"He actually asked my editor, who was the most senior person in the building, where the nearest McDonald's was... which we all know is the perfect hangover breakfast!"

Nina, who is a Manchester United supporter but admits she has fond memories of Newcastle United having been bought her first Bovril by a kind Magpies fan when on an away day aged eight, added that Fender's charisma was "not something you can force".

She said: "In the slot he was on, we're looking for that warmth and energy people can relate to. It's not something you can force and he has it in spades because he is unapologetically who he is, it's part of his personality and music that he's very true to himself. It's rare to get that transparency and honesty with someone.

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"I found it extremely refreshing because so many people who sit on that sofa are media trained within an inch of their lives and don't allow any personality to come through.

"I'm not sure many who come on the sofa would stay up all night having a good time with their pals. I thought, good for you. That's the kind of thing I'd have been doing at your age!

Sam Fender at St James Park: Times, date, tickets and why Newcastle United fans need to keep an eye on the gig. (Photo by Stu Forster/Getty Images)Sam Fender at St James Park: Times, date, tickets and why Newcastle United fans need to keep an eye on the gig. (Photo by Stu Forster/Getty Images)
Sam Fender at St James Park: Times, date, tickets and why Newcastle United fans need to keep an eye on the gig. (Photo by Stu Forster/Getty Images)

"It's great your successful career hasn't dominated the fun that you're having with your pals, because that's what you should be doing on an exciting night! I really liked his honesty."

Nina admitted that, being a journalist, asking Fender about the takeover was at the forefront of her mind in hopes of generating a strong newsline over the controversy of the Saudi owners, but that it quickly became about how much fun he had the night before.

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Just as the BBC star was overcome by Fender's personality, it's a charm that has worked on Newcastle United fans too.

Catching up with some before the fixture against Tottenham Hotspur in April, Magpies supporters gushed over the singer and how he represented the region.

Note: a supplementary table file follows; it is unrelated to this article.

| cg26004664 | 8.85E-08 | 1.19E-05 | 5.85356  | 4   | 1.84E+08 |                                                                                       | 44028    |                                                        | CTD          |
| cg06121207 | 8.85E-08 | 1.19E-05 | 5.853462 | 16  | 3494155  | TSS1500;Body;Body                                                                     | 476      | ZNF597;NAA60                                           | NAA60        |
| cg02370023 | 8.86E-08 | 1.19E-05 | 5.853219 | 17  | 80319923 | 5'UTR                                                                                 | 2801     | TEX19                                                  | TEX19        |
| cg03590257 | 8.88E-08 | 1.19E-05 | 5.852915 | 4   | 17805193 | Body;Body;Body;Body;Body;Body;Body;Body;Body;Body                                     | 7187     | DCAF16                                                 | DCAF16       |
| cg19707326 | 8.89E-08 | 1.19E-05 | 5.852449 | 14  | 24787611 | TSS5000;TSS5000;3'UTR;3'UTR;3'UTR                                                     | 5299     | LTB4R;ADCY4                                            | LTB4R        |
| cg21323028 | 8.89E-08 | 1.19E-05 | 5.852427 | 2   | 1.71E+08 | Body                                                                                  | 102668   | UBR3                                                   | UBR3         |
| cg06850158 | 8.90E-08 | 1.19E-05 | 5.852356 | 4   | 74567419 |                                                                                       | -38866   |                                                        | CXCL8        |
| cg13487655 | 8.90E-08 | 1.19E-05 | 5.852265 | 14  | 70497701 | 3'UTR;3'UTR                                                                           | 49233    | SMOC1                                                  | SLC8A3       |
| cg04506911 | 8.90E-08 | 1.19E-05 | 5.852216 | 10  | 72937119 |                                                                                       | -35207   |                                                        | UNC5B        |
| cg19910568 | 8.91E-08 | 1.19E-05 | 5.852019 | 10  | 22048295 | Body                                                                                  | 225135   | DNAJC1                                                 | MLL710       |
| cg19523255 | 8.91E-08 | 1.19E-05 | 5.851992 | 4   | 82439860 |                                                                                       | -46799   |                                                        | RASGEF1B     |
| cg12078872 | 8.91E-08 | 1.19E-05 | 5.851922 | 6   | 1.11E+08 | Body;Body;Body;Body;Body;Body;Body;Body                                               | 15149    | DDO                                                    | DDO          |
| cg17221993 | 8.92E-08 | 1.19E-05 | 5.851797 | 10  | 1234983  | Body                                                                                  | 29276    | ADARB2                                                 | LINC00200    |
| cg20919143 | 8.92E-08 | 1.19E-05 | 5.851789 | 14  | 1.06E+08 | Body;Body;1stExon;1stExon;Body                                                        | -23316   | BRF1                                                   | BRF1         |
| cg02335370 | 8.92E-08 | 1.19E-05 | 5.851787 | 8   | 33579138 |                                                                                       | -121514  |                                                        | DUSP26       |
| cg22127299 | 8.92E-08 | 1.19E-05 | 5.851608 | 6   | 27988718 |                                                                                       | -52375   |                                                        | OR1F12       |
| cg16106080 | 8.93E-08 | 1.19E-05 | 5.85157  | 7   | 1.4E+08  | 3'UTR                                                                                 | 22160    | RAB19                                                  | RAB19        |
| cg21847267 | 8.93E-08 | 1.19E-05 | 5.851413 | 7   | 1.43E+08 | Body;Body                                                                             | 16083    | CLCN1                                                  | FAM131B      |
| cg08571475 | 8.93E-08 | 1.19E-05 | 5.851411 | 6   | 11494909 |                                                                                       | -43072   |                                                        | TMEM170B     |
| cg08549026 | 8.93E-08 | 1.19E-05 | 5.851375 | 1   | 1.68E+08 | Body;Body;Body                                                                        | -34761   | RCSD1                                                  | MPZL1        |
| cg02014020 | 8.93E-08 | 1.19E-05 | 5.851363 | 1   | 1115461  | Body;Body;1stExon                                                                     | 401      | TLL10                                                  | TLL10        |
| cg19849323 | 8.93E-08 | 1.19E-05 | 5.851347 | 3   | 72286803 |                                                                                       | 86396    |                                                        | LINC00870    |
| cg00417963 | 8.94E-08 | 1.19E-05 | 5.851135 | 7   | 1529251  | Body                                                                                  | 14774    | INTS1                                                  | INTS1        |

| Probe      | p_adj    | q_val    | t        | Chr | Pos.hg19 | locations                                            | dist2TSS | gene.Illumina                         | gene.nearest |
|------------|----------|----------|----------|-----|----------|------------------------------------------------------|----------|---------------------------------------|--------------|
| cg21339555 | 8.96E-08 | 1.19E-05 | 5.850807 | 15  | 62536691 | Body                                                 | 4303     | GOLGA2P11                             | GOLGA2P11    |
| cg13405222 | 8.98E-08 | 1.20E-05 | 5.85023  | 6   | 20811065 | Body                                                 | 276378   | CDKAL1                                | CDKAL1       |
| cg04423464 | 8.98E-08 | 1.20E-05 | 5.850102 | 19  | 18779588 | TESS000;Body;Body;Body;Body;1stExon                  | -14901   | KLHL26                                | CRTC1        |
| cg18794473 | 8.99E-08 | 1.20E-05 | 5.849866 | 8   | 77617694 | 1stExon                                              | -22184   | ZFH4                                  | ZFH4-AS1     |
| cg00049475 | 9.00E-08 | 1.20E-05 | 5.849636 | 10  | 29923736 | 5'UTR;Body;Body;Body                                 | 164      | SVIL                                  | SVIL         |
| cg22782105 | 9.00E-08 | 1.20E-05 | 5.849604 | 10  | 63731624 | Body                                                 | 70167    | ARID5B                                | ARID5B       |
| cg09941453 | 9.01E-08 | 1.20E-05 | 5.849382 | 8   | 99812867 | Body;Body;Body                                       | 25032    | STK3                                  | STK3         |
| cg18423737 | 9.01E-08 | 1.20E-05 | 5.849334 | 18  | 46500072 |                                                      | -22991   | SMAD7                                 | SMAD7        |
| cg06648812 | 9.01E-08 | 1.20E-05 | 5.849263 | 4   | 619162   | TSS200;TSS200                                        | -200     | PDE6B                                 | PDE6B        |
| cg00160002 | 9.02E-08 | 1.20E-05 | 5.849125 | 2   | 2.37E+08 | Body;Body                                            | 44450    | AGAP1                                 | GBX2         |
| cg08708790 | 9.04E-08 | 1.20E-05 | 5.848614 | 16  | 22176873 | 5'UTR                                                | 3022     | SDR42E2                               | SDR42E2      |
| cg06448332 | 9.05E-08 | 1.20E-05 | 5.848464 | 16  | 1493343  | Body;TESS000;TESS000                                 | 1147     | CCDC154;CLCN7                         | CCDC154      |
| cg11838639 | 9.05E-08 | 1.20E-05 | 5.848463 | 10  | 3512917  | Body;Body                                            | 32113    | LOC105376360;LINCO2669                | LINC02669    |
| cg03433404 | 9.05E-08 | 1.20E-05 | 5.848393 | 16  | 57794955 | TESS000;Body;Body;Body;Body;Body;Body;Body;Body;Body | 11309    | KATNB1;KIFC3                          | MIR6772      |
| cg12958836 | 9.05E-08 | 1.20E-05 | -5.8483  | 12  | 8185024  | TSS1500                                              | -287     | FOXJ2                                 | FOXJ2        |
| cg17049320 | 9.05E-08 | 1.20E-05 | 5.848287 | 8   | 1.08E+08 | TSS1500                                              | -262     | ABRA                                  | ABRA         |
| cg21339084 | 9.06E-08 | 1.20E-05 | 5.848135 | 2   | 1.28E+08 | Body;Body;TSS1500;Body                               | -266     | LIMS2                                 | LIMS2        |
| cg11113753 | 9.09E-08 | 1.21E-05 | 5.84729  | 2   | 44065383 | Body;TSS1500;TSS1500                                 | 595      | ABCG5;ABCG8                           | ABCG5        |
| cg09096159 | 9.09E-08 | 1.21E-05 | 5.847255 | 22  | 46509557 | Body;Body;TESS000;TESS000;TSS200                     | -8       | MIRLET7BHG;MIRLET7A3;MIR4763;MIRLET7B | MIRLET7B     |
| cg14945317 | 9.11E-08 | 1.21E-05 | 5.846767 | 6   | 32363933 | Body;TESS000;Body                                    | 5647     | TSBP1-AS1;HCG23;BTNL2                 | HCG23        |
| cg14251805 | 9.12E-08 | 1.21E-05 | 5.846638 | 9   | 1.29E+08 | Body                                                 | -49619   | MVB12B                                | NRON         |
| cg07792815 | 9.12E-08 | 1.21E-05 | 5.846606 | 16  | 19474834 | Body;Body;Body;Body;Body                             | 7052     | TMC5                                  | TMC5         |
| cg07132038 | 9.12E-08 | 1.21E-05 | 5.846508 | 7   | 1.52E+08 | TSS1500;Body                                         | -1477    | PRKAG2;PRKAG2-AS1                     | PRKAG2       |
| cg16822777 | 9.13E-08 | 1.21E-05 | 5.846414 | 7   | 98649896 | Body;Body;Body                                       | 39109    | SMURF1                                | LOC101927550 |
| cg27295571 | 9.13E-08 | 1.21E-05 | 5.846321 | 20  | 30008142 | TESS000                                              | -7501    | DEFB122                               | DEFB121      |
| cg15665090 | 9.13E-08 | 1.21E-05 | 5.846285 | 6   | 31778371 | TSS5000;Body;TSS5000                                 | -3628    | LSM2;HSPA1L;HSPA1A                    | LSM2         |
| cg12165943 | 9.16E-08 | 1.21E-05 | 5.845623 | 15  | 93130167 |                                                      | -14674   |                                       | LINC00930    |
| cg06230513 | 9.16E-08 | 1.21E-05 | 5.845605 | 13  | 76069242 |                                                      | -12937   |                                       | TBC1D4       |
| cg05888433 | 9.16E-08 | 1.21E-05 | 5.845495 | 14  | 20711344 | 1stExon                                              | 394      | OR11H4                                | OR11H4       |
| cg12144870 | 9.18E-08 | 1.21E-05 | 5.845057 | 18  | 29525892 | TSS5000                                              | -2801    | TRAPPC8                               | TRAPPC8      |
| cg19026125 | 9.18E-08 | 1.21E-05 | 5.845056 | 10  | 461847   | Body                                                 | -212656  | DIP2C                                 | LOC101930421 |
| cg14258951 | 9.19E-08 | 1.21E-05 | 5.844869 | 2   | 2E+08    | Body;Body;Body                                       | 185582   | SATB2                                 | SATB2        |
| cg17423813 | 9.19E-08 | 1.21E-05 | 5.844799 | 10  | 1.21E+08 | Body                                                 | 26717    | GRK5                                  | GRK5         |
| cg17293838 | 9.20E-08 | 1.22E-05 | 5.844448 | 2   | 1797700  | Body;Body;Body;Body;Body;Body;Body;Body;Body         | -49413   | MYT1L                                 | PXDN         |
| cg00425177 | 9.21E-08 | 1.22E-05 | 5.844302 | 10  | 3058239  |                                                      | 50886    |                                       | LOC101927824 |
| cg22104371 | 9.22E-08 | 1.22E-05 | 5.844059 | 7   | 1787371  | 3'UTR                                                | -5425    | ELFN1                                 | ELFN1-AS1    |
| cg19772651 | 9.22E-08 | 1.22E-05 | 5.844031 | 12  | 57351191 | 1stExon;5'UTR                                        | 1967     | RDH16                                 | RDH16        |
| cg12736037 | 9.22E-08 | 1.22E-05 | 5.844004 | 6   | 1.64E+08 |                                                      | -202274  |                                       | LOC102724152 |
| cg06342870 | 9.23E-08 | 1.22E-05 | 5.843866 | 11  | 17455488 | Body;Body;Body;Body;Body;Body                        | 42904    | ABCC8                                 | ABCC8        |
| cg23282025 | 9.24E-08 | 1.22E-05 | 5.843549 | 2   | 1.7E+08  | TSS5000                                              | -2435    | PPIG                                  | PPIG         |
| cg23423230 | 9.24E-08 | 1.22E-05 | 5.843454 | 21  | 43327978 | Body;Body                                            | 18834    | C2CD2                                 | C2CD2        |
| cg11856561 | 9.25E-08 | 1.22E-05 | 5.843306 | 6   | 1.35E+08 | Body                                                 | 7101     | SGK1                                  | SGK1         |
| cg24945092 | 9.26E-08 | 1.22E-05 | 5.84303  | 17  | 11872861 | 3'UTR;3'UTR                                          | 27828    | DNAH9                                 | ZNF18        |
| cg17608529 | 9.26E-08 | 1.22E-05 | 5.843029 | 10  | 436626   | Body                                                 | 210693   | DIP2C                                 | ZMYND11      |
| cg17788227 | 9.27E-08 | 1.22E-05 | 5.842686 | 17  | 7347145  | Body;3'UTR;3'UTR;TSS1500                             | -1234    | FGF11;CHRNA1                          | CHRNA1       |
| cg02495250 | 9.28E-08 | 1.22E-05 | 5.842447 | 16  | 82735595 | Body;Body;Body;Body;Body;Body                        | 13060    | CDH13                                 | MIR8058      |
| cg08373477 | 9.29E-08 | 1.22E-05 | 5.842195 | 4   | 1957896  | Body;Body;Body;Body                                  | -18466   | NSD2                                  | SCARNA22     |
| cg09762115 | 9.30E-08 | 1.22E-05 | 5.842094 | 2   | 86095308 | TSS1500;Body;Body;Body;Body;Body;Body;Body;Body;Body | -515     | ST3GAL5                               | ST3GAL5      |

One such fan is 14-year-old Joe, who is known for busking outside the ground on matchdays and raising money for the NUFC Fans Food Bank.

He said: "I'm really excited, he's a local lad he grew up in Newcastle and is playing at his home team's ground. It'll be electric. I saw him at Exhibition Park and him being in Newcastle was amazing so him being at St James' will be 10 x better.

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"It's really good to have a role model that's local instead of being from down south. It makes us want to do more with music. If I was to ever meet him I'd probably just tell him how much I love him and how he's such an inspiration."

Other fans who stop by on their way into watching their side play share their love of Fender wearing the black-and-white colours wherever he goes, whether it be on stage or the BBC Breakfast sofa.

Newcastle fan Liam, who is going along on the Friday night of Fender's shows said: "By the sounds of it, everyone has taken the day off! It'll be a big day on the town. Hopefully, the sun is shining and we'll make a day out of it.

"It's great to see him represent the club. To see someone like that leading the light in English music is fantastic."

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When over 100,000 make the pilgrimage to St James' Park in June, it'll be a landmark day for Fender's career and for the city, after a year and a half of optimism since the takeover day.

Summing up the grandeur of the occasion, Liam Kennedy said: "For him, it'll be such a special thing, being a fan since he was young you can see the passion he has for the football club. He's been representing the city of Newcastle and Newcastle United all over the globe and it makes you proud as a Geordie.

"It's special to see someone who cared about the club and the city take our brand all over the world and come home to do it here. It's an amazing thing for somebody like him."